In the same way people are always saying the world is going to end, we also like to identify the deaths of specific places—for instance, “San Francisco died when the yuppies pushed out the artists” or “South Park died when people started calling it South Park” or “The Chicken Pie Shop died when it moved to El Cajon Boulevard.” Whether or not a place is literally dead, what we really mean is: A place that we like has changed, and we are reminded of the impossibility of returning to the times we had there.
But you never hear “Ocean Beach died when....”
In fact, you hear the opposite: O.B. is perceived by almost everyone familiar with the iconic little beach hamlet as stubbornly resistant to the virus of change.
That's why so many who once lived in O.B. eventually return: I-8 West is a time machine. It doesn't much matter what happened to you in the outside world. In the People's Republic of Ocean Beach, there's always an old beach cruiser, a set of waves, a bonfire, a beer, a joint, an organic tomato, some old or new friends—a slice of eternal unpretentiousness to welcome you back. Whether you've hustled enough to buy a bungalow, swing the rent, land a couch to crash on or settled for even less, O.B. is pretty much how it was before, and—voilà—so are you.
Radical stasis, though, has its fissures and perils. As it grows more and more distinct from the homogenizing corporate culture that wants to swallow up every last bit of human community on the planet and vomit it back out as a beige strip mall, Ocean Beach seems always simultaneously on the verge and defiant: It has the feeling of a town battening down the hatches during the calm before the storm—so it comes as no surprise that when it starts raining Starbucks and Subways, O.B. residents get nervous and hunker down.
Change fills the committed OBecian's heart with a sense of foreboding that tends to erupt in action, not because any individual change necessarily spells doom in itself, but because so much is at stake. It's not the character of the place slipping away that makes O.B. fight; it is its survival in spite of the odds.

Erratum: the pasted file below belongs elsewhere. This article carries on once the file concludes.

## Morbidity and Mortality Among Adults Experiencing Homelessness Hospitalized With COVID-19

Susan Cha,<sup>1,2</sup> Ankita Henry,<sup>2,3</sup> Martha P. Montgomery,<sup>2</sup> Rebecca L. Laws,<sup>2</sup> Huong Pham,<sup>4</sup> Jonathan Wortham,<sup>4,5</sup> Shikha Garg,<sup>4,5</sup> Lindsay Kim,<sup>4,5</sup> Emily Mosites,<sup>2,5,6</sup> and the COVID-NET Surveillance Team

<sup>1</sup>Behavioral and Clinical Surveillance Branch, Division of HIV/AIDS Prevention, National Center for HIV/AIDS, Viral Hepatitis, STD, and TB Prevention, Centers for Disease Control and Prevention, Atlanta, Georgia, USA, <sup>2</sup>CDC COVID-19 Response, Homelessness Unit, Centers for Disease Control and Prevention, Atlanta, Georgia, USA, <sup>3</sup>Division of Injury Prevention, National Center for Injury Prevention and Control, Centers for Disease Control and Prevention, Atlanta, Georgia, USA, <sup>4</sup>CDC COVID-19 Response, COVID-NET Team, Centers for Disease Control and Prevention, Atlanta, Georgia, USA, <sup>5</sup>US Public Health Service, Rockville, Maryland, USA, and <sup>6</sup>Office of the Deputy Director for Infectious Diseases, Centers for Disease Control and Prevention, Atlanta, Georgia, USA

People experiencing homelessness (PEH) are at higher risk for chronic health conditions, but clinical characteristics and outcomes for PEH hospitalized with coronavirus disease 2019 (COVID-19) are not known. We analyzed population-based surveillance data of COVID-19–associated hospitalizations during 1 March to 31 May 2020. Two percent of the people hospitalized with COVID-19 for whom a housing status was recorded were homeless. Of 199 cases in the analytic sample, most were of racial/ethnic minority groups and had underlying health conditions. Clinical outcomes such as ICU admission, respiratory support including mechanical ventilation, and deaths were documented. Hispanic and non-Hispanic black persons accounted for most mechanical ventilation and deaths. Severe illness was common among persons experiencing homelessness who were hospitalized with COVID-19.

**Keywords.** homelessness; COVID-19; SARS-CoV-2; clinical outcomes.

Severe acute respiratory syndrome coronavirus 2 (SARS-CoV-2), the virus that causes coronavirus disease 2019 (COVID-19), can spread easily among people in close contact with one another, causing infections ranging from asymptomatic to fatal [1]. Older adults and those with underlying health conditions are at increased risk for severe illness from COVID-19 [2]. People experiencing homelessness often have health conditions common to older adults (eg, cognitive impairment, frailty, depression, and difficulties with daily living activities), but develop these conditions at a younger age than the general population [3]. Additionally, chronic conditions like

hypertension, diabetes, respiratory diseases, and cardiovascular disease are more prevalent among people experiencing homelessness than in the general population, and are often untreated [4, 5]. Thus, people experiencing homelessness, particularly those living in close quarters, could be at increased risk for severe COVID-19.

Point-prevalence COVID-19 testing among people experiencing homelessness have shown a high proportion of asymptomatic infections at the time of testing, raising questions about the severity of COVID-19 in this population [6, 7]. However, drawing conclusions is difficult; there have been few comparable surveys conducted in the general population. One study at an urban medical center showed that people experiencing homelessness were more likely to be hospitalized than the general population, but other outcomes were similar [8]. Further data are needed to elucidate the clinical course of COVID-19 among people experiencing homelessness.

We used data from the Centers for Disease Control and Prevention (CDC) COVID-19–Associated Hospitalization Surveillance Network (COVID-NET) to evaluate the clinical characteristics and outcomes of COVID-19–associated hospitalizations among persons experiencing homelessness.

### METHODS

You can see this protectionism at work in the recent furor over Newport Avenue jewelry store Blondstone's battle with the O.B. Farmer's Market. Blondstone's owner arguably had a legitimate gripe over the sale of cheap imported jewelry at the weekly Wednesday event, but by dragging everyone from the police to the mayor into it, he ended up alienating himself from the community.
This perception of besiegement, the belief that O.B. may be the last stand in preserving the small-scale, live-and-let-live, laid-back Southern California experience makes it fair game to question even the effect of a recent massive increase in popularity of O.B.'s beloved burger joint, Hodad's.
One of the main threats to the character of O.B. is overexposure. You may recall that I harshly criticized the now-cancelled Fox / CBS series The Ex-List for using O.B. as its setting last year. The worst thing about the show filming in O.B. wasn't the disruption of lives à la David Mamet's State and Main; it was that the show's make-believe, squeaky-clean fantasyland was actually called “Ocean Beach.” I pointed out in my column that Pacific Beach didn't really become a permanent MTV Spring Break until after it was literally the site of MTV's Spring Break program. People find what they're looking for by creating what they're looking for.
Hodad's has been an independent, family-owned business for more than three decades. It has always been popular, but until this year, it was mostly a favorite of locals. I've always liked their fries and shakes, and as I don't eat meat, I appreciate that they offer a veggie burger. Then last year, Hodad's was featured on the Food Network's Diners, Drive-ins and Dives, and, soon after, CNN named Hodad's one of the five best hamburger joints in the country. These days the line to order winds around the block. They're flocking to Hodad's and inadvertantly discovering Ocean Beach.Because of its geographical isolation—ocean to the west, river channel to the north, peninsula to the south and no coastal freeway exit—O.B. has never been on the way to anywhere. But now it's on the way to Hodad's.
Nonetheless, I gauge the popularity of Hodad's as positive.
Unlike Starbucks' fake approximation of a neighborhood coffeehouse, or The Ex-List's fake appropriation of a cool beach town, Hodad's is authentic O.B. People come here because the food is generously prepared and the employees are down to earth. In an interview with Frank Gormlie of the excellent O.B. Rag blog (www.obrag.org), Hodad's owner Mike Hardin described attempts at overdevelopment in O.B. as “get-rich quick schemes.”
“They see dollar signs,” he told Gormlie. “I see a community.”
The very reason people seek out Hodad's is because it's not McDonald's. We can only hope that this translates into an appreciation for all that is offbeat and anti-corporate about the 'hood. Let them come to Hodad's, from New York, Iowa, Japan—wherever. And if they have an authentic California dream, let them move to Ocean Beach and realize it by joining in the effort to keep the place alive and weird. They'll likely come to feel, as Hardin does, that “the People's Republic of O.B. is true in my heart.”Write to firstname.lastname@example.org and email@example.com.